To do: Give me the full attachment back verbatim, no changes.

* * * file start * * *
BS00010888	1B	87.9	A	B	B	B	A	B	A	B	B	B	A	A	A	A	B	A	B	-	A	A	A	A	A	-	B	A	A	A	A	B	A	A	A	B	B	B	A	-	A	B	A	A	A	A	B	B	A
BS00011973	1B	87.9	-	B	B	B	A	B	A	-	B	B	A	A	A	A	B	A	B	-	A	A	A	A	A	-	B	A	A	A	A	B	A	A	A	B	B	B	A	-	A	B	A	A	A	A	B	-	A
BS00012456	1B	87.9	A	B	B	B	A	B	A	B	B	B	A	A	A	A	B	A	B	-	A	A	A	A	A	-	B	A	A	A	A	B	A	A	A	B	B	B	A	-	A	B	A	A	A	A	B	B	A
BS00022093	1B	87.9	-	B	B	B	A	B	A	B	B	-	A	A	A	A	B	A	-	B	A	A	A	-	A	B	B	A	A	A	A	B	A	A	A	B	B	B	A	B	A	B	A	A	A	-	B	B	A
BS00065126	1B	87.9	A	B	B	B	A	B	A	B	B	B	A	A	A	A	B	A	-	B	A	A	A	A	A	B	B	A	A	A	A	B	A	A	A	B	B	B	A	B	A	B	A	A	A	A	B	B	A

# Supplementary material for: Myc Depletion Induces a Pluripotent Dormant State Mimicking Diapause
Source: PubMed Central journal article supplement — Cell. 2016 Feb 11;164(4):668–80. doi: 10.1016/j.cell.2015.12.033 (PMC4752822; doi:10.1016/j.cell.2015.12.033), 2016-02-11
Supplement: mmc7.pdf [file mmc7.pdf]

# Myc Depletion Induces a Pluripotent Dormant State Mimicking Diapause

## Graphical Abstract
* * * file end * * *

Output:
BS00010888	1B	87.9	A	B	B	B	A	B	A	B	B	B	A	A	A	A	B	A	B	-	A	A	A	A	A	-	B	A	A	A	A	B	A	A	A	B	B	B	A	-	A	B	A	A	A	A	B	B	A
BS00011973	1B	87.9	-	B	B	B	A	B	A	-	B	B	A	A	A	A	B	A	B	-	A	A	A	A	A	-	B	A	A	A	A	B	A	A	A	B	B	B	A	-	A	B	A	A	A	A	B	-	A
BS00012456	1B	87.9	A	B	B	B	A	B	A	B	B	B	A	A	A	A	B	A	B	-	A	A	A	A	A	-	B	A	A	A	A	B	A	A	A	B	B	B	A	-	A	B	A	A	A	A	B	B	A
BS00022093	1B	87.9	-	B	B	B	A	B	A	B	B	-	A	A	A	A	B	A	-	B	A	A	A	-	A	B	B	A	A	A	A	B	A	A	A	B	B	B	A	B	A	B	A	A	A	-	B	B	A
BS00065126	1B	87.9	A	B	B	B	A	B	A	B	B	B	A	A	A	A	B	A	-	B	A	A	A	A	A	B	B	A	A	A	A	B	A	A	A	B	B	B	A	B	A	B	A	A	A	A	B	B	A

# Supplementary material for: Myc Depletion Induces a Pluripotent Dormant State Mimicking Diapause
Source: PubMed Central journal article supplement — Cell. 2016 Feb 11;164(4):668–80. doi: 10.1016/j.cell.2015.12.033 (PMC4752822; doi:10.1016/j.cell.2015.12.033), 2016-02-11
Supplement: mmc7.pdf [file mmc7.pdf]

# Myc Depletion Induces a Pluripotent Dormant State Mimicking Diapause

## Graphical Abstract